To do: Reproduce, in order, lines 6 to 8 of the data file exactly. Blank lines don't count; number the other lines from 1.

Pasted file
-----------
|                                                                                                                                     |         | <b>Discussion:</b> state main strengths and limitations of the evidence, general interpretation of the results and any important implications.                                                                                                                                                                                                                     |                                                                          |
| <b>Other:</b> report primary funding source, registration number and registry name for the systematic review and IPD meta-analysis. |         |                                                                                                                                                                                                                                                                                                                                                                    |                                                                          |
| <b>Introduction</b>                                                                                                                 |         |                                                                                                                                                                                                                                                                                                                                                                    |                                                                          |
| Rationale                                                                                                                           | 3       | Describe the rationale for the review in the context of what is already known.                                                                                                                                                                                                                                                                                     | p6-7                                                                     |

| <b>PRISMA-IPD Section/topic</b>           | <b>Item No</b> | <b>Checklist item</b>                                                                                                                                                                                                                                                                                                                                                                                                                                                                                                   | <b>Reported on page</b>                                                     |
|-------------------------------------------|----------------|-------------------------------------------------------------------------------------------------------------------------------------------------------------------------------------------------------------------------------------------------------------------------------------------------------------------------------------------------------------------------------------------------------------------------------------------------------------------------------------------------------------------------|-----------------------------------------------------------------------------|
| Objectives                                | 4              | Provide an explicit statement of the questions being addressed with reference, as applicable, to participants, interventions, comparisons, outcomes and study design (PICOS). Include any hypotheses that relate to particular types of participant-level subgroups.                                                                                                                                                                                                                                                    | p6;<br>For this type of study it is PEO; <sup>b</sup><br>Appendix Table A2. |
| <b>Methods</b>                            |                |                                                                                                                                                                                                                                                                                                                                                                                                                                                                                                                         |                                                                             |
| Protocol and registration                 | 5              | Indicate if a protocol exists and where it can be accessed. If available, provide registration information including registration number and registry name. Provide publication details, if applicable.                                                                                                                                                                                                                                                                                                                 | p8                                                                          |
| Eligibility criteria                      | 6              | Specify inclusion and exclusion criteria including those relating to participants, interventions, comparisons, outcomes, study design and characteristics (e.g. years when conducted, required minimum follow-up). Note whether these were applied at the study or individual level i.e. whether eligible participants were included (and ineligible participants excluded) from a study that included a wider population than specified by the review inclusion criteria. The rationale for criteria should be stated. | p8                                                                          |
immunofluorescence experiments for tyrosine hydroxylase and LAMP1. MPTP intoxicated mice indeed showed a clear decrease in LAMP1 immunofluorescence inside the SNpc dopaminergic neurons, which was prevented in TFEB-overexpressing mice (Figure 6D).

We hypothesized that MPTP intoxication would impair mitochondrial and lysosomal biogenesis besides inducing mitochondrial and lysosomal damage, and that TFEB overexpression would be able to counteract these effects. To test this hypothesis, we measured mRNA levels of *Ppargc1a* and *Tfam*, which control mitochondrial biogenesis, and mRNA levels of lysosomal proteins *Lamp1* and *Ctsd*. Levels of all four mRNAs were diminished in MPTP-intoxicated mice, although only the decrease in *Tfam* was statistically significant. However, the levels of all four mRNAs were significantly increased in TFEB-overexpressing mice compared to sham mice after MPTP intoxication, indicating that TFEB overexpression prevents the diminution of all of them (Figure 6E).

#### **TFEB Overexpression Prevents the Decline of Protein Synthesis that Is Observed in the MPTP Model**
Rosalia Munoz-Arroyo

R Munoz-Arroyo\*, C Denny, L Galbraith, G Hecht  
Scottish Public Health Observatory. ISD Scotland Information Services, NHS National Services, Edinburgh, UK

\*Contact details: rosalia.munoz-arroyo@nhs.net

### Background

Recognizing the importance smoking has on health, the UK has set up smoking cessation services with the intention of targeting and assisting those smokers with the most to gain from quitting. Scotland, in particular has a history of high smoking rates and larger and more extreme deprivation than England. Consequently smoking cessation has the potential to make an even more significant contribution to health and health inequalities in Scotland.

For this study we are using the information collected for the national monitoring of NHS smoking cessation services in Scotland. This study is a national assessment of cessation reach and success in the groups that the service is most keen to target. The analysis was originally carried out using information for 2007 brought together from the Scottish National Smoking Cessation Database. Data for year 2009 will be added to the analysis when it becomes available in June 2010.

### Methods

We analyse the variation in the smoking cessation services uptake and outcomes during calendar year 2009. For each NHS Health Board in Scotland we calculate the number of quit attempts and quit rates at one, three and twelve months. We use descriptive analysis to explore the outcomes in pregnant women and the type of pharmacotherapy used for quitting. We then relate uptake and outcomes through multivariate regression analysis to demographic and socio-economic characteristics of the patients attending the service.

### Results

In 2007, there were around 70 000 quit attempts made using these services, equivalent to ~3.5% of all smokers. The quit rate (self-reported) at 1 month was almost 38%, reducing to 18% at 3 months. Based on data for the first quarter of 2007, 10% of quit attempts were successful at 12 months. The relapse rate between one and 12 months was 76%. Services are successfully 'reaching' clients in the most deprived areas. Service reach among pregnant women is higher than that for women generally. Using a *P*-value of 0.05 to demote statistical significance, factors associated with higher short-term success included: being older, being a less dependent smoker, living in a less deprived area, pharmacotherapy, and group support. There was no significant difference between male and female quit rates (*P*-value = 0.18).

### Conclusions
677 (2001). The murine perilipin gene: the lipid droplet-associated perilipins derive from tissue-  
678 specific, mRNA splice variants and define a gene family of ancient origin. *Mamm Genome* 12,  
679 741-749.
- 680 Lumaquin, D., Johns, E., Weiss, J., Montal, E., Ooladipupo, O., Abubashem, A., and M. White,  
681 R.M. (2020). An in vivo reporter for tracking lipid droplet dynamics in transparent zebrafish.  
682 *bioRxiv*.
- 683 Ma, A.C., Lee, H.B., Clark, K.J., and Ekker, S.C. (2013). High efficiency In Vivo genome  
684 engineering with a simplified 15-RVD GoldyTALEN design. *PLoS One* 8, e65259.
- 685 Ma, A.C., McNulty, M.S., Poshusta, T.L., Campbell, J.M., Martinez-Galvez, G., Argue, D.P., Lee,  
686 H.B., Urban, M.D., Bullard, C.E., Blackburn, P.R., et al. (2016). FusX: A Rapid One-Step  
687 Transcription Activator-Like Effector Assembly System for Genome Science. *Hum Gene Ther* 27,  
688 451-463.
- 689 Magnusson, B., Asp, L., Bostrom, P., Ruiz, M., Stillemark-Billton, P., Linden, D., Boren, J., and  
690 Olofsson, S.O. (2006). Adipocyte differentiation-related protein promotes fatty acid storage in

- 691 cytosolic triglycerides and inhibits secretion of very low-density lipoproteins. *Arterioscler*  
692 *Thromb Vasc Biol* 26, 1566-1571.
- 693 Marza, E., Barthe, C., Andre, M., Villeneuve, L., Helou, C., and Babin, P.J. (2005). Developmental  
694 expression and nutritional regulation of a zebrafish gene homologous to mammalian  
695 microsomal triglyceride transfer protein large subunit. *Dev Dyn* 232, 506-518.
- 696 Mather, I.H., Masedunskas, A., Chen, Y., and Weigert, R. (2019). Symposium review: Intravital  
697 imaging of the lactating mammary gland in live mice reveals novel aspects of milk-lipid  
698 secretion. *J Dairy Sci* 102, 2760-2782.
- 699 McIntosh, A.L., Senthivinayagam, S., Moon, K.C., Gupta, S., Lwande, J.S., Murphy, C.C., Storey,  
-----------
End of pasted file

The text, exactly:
|-------------------------------------------|----------------|-------------------------------------------------------------------------------------------------------------------------------------------------------------------------------------------------------------------------------------------------------------------------------------------------------------------------------------------------------------------------------------------------------------------------------------------------------------------------------------------------------------------------|-----------------------------------------------------------------------------|
| Objectives                                | 4              | Provide an explicit statement of the questions being addressed with reference, as applicable, to participants, interventions, comparisons, outcomes and study design (PICOS). Include any hypotheses that relate to particular types of participant-level subgroups.                                                                                                                                                                                                                                                    | p6;<br>For this type of study it is PEO; <sup>b</sup><br>Appendix Table A2. |
| <b>Methods</b>                            |                |                                                                                                                                                                                                                                                                                                                                                                                                                                                                                                                         |                                                                             |